My dad was a forest products pathologist, which means in essence that he studied wood decay in the built environment. Trained as an undergraduate at UC Berkeley in the latter half of the 1950s, he studied all aspects of forestry and forest management as well as what happened to the trees after they were cut down for human use. In his doctoral work at UW Madison, he further developed his specialization in microscopic studies of the fungi that cause a fair amount of the wood deterioration found in structures. He graduated one year before the first commercial scanning electron microscope became available, and my childhood is woven through with SEM images and memories of standing on stools to see into his microscope.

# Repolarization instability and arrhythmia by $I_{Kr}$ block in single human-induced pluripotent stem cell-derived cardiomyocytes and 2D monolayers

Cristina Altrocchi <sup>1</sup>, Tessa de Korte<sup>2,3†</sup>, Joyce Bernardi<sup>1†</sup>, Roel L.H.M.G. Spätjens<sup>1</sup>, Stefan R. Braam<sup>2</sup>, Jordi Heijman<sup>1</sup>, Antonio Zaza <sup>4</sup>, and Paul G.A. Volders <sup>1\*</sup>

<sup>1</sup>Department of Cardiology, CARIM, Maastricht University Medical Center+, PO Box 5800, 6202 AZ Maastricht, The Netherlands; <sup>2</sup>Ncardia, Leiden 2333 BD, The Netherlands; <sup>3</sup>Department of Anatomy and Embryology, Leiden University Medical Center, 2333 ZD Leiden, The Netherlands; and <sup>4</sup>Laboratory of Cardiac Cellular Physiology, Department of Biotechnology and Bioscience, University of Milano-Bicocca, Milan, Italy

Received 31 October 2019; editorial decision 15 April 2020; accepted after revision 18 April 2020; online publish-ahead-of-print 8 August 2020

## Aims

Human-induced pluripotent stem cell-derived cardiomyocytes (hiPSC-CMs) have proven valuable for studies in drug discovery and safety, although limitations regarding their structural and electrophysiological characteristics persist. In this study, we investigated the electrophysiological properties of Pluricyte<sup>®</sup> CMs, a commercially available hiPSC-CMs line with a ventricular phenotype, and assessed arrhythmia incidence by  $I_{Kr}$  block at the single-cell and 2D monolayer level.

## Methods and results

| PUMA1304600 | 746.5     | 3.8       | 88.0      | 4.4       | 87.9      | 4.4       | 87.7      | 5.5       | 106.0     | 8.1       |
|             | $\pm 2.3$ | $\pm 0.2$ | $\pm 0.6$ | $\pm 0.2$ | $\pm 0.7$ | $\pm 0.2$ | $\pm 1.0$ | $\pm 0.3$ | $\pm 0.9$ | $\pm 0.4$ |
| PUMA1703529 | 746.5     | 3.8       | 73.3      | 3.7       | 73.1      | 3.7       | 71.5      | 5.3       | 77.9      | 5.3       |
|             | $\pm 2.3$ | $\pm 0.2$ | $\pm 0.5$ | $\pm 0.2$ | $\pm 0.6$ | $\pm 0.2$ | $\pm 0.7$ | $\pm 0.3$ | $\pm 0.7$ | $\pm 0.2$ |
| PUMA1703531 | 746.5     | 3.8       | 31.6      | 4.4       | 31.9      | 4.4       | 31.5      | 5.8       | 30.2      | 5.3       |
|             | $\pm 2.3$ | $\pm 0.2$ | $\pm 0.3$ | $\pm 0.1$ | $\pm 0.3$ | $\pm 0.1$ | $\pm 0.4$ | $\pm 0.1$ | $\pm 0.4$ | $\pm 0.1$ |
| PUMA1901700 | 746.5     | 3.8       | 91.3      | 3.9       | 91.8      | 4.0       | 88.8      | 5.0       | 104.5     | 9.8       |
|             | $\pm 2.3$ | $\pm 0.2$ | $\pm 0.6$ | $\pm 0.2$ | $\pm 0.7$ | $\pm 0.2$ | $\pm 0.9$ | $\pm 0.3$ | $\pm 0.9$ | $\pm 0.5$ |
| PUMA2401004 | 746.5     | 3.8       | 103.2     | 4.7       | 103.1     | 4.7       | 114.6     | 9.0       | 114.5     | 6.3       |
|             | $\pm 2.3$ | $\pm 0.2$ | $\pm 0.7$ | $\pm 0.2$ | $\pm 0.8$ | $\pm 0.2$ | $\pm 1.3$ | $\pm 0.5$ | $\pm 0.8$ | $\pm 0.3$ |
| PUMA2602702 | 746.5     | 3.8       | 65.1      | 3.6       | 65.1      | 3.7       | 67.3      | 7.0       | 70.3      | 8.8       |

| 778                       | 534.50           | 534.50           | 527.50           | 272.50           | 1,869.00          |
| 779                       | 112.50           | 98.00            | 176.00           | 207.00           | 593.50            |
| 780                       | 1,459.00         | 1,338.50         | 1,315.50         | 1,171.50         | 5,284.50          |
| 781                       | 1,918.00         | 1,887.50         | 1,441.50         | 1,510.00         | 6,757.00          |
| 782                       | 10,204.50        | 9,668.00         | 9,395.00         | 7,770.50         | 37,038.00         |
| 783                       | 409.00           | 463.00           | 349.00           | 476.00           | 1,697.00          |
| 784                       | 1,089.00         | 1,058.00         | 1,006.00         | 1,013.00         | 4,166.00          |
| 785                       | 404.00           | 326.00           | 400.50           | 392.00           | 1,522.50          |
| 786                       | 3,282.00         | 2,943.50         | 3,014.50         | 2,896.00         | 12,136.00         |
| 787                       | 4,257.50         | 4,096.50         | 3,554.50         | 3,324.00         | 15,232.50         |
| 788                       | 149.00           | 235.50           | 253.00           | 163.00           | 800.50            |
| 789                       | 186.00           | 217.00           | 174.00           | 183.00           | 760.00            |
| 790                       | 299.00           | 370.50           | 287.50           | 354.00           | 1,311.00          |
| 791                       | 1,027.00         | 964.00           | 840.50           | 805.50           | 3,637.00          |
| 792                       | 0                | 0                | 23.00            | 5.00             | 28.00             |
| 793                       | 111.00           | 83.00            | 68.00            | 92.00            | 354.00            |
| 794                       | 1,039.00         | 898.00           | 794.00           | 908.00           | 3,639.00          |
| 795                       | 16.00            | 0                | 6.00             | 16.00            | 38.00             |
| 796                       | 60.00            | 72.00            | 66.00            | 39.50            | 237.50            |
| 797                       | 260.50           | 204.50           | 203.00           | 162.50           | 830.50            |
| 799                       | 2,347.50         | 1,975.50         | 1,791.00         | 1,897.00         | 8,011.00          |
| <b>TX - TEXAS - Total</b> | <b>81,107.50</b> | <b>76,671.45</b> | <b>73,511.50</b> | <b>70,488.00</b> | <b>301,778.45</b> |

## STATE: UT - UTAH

After earning his PhD, my dad returned to Berkeley to teach (such was the academic job market for white men in the 1960s), and he and my mom – finishing her own bachelor’s degree at the time, on her way to her PhD from Berkeley – landed right in the middle of intense political and social upheaval. Ardently loyal to his alma mater and to its chancellor, and a fierce defender of free speech, my dad only told us very late in life that he had been among the faculty members who defended the campus from the riot police during the free speech movement. Yet in the areas that directly impacted his career, what counted as progressive rapidly shifted far from where my dad stood.